Clinical Implications

Sick camelids should be considered at risk for developing HL, especially those with anorexia or the metabolic demands of pregnancy and lactation. Other stresses also appear to contribute. High concentrations of NEFA, γ-HB, and bile acids; high activities of GGT and AST; and hypoproteinemia may indicate that HL has developed. (J Am Vet Med Assoc 1999;214:1368–1372)

Free access
in Journal of the American Veterinary Medical Association

Objectives

To determine the prevalence of Salmonella infections in horses at necropsy.

Design

Cross-sectional prevalence survey.

Animals

102 horses.

Procedure

Mesenteric lymph nodes were collected from horses that were necropsied. Horses had died or were euthanatized because of severe disease or at the request of the owner. Twenty-eight of the horses were racehorses euthanatized following acute catastrophic injuries on the racetrack. Mesenteric lymph nodes were submitted for Salmonella culture via direct plating of tissue specimens on MacConkey agar and by use of 4 enrichment culture techniques that used tetrathionate and selenite enrichment broth and brilliant green and Salmonella-Shigella selective plating media.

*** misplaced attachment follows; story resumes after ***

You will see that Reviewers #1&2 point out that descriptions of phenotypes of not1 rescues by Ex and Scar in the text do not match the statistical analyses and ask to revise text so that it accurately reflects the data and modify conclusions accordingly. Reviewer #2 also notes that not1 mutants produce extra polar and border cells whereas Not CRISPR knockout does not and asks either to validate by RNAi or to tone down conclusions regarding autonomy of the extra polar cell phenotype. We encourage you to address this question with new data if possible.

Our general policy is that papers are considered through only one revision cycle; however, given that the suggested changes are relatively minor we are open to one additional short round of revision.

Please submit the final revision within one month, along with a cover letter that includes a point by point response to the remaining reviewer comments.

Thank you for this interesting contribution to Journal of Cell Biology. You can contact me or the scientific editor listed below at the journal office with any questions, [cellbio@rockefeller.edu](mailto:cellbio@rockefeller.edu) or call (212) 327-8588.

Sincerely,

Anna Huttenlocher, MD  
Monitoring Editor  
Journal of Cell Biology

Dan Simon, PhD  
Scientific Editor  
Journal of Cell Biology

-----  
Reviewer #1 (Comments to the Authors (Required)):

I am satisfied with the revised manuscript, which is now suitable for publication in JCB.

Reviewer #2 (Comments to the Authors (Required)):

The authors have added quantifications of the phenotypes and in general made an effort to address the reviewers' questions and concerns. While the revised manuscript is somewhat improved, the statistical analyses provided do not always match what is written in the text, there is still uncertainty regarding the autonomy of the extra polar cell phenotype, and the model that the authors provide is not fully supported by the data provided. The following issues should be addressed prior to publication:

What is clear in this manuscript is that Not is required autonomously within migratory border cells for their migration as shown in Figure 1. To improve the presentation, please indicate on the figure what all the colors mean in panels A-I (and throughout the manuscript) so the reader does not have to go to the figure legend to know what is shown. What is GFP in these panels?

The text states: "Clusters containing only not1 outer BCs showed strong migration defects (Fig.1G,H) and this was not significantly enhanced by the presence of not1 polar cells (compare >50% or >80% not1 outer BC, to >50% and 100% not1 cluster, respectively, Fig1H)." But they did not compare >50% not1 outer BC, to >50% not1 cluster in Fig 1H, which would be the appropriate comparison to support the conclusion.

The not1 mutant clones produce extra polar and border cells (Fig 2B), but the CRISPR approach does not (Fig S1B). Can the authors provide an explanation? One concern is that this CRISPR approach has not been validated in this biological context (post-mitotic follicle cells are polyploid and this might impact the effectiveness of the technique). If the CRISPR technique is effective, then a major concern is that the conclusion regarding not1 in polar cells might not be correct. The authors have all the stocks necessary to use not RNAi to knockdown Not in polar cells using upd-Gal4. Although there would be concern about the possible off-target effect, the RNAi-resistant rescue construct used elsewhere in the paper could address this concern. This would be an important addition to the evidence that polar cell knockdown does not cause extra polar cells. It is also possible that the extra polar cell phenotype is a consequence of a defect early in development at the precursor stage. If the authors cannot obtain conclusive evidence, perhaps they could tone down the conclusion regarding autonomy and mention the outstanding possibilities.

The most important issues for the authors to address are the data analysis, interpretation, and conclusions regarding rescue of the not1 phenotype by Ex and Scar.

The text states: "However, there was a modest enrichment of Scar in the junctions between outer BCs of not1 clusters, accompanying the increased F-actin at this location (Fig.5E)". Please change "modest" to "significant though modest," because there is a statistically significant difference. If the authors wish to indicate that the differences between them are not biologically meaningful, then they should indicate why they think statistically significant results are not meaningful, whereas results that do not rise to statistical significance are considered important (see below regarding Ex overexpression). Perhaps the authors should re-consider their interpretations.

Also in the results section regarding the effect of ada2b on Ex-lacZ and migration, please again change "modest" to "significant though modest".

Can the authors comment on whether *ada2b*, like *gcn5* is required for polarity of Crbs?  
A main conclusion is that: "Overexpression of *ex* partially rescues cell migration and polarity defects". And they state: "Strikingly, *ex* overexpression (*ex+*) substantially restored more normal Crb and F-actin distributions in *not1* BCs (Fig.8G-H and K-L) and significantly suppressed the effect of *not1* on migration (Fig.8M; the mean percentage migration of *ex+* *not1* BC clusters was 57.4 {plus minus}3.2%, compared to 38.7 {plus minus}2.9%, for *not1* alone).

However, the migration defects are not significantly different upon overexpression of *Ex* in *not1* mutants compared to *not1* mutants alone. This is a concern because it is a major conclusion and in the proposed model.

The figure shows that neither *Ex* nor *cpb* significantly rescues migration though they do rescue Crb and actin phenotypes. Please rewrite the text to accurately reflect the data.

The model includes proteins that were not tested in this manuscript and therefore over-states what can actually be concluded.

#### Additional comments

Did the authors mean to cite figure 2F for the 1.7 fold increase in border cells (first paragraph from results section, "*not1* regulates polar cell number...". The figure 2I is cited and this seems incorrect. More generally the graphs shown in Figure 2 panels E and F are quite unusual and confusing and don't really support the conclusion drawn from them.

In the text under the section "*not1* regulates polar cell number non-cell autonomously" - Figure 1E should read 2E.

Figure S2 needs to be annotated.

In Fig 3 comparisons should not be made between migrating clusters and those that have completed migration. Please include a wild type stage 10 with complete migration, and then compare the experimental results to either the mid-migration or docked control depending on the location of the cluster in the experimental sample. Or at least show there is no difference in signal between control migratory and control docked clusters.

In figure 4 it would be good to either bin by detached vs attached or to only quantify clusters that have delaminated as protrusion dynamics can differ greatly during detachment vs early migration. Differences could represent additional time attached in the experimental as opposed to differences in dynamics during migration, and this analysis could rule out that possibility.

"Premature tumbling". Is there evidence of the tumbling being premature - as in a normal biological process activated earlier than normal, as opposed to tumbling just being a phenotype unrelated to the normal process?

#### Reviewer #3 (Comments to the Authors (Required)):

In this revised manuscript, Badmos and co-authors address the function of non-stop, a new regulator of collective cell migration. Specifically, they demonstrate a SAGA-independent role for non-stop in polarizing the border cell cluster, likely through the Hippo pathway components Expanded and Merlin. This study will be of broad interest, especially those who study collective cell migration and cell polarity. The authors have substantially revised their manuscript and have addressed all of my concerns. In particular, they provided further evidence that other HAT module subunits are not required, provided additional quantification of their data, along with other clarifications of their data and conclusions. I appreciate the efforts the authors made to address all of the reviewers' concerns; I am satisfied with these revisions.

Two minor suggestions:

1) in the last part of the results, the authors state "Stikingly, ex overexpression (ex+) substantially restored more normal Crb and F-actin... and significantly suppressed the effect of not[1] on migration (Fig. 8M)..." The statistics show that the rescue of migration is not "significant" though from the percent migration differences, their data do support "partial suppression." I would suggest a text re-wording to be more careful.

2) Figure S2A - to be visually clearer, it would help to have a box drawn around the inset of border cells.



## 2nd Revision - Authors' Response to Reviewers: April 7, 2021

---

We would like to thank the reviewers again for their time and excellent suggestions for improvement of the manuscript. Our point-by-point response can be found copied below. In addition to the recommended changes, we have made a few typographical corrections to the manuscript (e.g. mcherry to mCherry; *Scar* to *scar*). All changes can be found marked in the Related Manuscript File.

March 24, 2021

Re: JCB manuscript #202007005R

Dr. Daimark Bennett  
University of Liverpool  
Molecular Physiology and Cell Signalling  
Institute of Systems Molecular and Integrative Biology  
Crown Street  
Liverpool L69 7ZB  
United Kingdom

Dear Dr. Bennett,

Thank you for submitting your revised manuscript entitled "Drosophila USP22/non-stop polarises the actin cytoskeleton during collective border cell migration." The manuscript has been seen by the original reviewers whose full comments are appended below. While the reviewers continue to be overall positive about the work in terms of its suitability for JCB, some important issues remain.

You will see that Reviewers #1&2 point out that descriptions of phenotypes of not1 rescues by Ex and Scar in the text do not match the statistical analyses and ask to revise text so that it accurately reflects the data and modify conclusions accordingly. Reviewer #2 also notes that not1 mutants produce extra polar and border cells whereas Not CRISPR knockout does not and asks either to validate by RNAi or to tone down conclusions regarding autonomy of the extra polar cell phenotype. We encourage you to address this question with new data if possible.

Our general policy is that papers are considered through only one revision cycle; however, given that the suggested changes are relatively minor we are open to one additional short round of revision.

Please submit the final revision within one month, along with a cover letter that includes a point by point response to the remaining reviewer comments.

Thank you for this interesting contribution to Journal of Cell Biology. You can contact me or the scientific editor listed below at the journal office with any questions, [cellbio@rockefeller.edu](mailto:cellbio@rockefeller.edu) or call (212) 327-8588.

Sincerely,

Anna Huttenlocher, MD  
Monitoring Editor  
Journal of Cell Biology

Results

Salmonella typhimurium was isolated from the mesenteric lymph nodes of 2 foals (2/102, 1.96% of the horses). Salmonella organisms were not isolated from the mesenteric lymph nodes of adult horses.

Conclusions and Clinical Relevance

Prevalence of Salmonella infections in horses of our study (1.96%) suggests that the results of cross-sectional surveys, using bacteriologic culture to determine prevalence of Salmonella infection, should be interpreted with caution. Prevalence of Salmonella infections determined in a single facility may not reflect the prevalence of Salmonella-infected horses in the general population; furthermore, obtaining a Salmonella isolate from a horse does not establish that the horse is a chronic Salmonella carrier. (J Am Vet Med Assoc 1999;215:507–510)

Free access
in Journal of the American Veterinary Medical Association